On the 31st December 1759 Arthur Guinness signed a 9,000-year lease, at   £45 per year, for the 4-acre Rainsford brewery at St James’s Gate that had been on the market for almost ten years. The brewery now covers an area in excess of 60 acres, and having bought the original property the long-term lease is now redundant. A copy of the lease can be seen under glass on the floor of the atrium of the Guinness Storehouse.
Guinness is one of the most successful brands in the world, and is brewed in 60 countries and available in more than 120. Recent figures show annual sales of 850 million litres (1.5 billion pints!) and that is a long way from 1769 when Arthur first export of six-and-a-half barrels to Britain. Soon afterwards, in 1778, he started selling his dark beer. The most famous, porter or single stout (sometimes called ‘plain’), is remembered in Flann O’Brien’s The Workman’s Friend as ‘A pint of plain is your only man.’

That says it all!

That says it all!

Famous for its advertising campaigns that gave us ‘My Goodness, My Guinness’, and ‘Guinness is Good For You’ the opening of the Guinness Storehouse in December 2000 offers a unique experience that has made it Ireland’s top visitor attraction. Housed in the former fermentation plant the seven-storey building was the first multi-storey steel-framed construction in Ireland when it was completed in 1902. It surrounds a glass atrium that is shaped like a giant pint of Guinness. And on each floor visitors can learn about the history of Guinness; details of Arthur’s life; brewing; transport and, of course, advertising. There are numerous interactive exhibitions that really bring the ‘story of Guinness’ to life. You can even learn how to ‘pull the perfect pint’.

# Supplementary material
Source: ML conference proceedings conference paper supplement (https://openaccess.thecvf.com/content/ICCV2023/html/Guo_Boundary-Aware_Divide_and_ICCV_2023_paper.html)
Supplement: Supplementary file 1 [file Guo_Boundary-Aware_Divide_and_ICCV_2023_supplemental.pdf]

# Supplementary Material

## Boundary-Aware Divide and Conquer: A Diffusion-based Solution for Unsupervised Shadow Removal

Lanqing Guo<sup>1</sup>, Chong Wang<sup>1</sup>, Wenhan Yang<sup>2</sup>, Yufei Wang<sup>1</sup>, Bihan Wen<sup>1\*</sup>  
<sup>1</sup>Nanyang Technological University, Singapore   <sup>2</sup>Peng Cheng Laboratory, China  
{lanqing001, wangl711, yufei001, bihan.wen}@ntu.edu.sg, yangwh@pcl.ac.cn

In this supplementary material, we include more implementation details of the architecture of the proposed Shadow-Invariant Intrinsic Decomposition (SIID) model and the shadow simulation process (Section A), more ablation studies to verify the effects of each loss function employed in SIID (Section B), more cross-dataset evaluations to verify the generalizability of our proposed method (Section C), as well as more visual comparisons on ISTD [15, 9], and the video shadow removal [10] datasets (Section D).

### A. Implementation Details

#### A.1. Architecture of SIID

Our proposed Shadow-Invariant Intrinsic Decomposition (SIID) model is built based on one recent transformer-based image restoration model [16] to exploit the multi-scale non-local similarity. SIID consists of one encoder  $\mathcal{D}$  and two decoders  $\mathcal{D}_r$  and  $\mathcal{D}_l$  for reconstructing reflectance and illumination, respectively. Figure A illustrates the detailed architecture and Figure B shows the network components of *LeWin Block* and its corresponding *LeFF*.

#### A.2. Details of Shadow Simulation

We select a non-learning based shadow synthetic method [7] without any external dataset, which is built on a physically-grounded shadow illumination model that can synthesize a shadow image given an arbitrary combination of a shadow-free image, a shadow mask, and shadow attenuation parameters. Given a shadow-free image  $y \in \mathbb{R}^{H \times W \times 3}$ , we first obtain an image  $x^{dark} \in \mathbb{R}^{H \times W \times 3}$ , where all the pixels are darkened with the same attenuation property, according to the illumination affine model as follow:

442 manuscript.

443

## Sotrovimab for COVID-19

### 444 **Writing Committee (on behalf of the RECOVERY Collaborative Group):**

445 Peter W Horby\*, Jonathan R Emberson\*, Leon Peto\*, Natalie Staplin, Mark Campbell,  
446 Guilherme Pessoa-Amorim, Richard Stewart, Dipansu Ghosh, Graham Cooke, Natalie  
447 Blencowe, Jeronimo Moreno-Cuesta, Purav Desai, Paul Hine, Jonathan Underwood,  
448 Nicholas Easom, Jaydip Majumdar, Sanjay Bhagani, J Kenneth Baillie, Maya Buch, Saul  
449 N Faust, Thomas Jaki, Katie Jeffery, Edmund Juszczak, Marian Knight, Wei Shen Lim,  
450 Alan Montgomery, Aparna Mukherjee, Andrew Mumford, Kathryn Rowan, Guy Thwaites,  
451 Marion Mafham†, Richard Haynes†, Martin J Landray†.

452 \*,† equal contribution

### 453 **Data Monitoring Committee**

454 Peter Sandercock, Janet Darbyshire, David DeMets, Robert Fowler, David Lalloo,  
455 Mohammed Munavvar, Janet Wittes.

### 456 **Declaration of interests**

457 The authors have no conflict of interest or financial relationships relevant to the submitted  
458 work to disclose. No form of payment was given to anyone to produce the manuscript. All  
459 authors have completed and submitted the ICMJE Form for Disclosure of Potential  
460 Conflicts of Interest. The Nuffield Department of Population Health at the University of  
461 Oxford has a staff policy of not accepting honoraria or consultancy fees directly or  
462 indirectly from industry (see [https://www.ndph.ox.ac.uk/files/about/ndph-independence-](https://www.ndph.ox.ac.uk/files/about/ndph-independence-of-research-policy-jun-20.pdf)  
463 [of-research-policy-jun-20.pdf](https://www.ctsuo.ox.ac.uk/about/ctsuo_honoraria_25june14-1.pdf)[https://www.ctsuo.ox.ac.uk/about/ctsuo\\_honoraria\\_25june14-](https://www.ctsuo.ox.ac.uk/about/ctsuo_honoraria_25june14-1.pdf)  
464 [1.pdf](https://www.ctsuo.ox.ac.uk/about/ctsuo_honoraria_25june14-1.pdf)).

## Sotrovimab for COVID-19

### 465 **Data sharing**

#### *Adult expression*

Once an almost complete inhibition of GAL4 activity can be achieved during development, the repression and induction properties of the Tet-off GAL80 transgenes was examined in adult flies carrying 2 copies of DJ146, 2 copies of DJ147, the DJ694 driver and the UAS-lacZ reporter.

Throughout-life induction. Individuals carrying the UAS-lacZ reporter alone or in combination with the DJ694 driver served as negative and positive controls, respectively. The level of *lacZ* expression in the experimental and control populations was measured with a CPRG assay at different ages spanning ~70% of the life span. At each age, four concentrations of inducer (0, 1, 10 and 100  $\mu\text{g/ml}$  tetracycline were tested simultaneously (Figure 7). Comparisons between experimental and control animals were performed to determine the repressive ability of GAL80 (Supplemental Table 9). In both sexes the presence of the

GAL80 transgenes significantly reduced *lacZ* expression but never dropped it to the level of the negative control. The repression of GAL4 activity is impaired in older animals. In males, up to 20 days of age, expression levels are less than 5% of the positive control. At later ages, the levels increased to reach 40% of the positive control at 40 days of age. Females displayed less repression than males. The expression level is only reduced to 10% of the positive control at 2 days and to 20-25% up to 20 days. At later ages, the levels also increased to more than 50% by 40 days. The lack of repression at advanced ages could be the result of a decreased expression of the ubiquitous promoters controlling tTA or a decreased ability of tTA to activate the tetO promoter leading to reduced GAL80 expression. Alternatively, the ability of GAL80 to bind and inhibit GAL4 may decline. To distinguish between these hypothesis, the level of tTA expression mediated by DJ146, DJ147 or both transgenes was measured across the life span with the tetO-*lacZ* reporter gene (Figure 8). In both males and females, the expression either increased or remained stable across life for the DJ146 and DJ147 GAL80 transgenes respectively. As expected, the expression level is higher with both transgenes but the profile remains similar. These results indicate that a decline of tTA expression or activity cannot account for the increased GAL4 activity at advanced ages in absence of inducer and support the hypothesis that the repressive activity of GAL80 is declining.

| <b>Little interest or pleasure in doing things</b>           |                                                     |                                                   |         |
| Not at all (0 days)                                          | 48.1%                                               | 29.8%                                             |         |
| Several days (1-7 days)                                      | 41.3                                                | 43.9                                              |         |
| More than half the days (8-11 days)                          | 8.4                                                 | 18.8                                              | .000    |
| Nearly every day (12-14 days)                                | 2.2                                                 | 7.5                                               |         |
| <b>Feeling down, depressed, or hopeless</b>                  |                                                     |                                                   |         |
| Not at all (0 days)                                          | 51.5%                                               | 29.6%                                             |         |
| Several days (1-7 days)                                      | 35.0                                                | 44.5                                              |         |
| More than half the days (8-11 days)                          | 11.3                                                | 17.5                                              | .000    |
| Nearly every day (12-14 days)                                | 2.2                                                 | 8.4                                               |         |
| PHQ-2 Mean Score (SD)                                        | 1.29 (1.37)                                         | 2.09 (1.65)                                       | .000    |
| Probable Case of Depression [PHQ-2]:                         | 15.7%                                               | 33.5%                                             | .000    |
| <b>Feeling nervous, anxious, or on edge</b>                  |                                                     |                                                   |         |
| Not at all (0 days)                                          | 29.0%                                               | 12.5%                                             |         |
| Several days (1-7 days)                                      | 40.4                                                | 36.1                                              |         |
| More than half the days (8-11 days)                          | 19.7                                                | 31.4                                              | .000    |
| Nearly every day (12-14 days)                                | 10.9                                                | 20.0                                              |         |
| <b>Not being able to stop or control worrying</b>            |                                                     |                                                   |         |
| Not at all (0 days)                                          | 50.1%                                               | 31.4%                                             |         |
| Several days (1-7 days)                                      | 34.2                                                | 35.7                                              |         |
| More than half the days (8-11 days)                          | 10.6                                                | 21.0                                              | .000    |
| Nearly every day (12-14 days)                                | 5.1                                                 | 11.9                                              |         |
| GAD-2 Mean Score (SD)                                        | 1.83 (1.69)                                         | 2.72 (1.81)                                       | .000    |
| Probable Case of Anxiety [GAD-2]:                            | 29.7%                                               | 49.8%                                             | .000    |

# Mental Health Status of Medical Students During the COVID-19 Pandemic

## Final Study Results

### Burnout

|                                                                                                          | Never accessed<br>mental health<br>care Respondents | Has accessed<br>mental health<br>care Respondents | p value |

On the top floor, or ‘Seventh Heaven,’ is the famous Gravity Bar with its 360 degrees view over Dublin. It’s a wonderful way to end a visit, and by the noise and chatter I heard while sipping a pint it was easy to understand its popularity. Same again!

Ah, the Black Stuff - magic!

Ah, the Black Stuff – magic!

 

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The Bloomsday Boys

Writing short stories is fun, but deciding which ones to included in my collection was very difficult. They are all important, each having been created at different times and for different reasons. Some of them I wrote quickly, while others took much longer. This was not necessarily to do with the length of the story, but just how it came into being. There is no hard and fast rule as to how you force the issue and get a story completed, because if you do so, I find, that it’s like dragging a horse to water rather than gently leading him. The phrase ‘less is more’ seems to suggest a good way to do your work.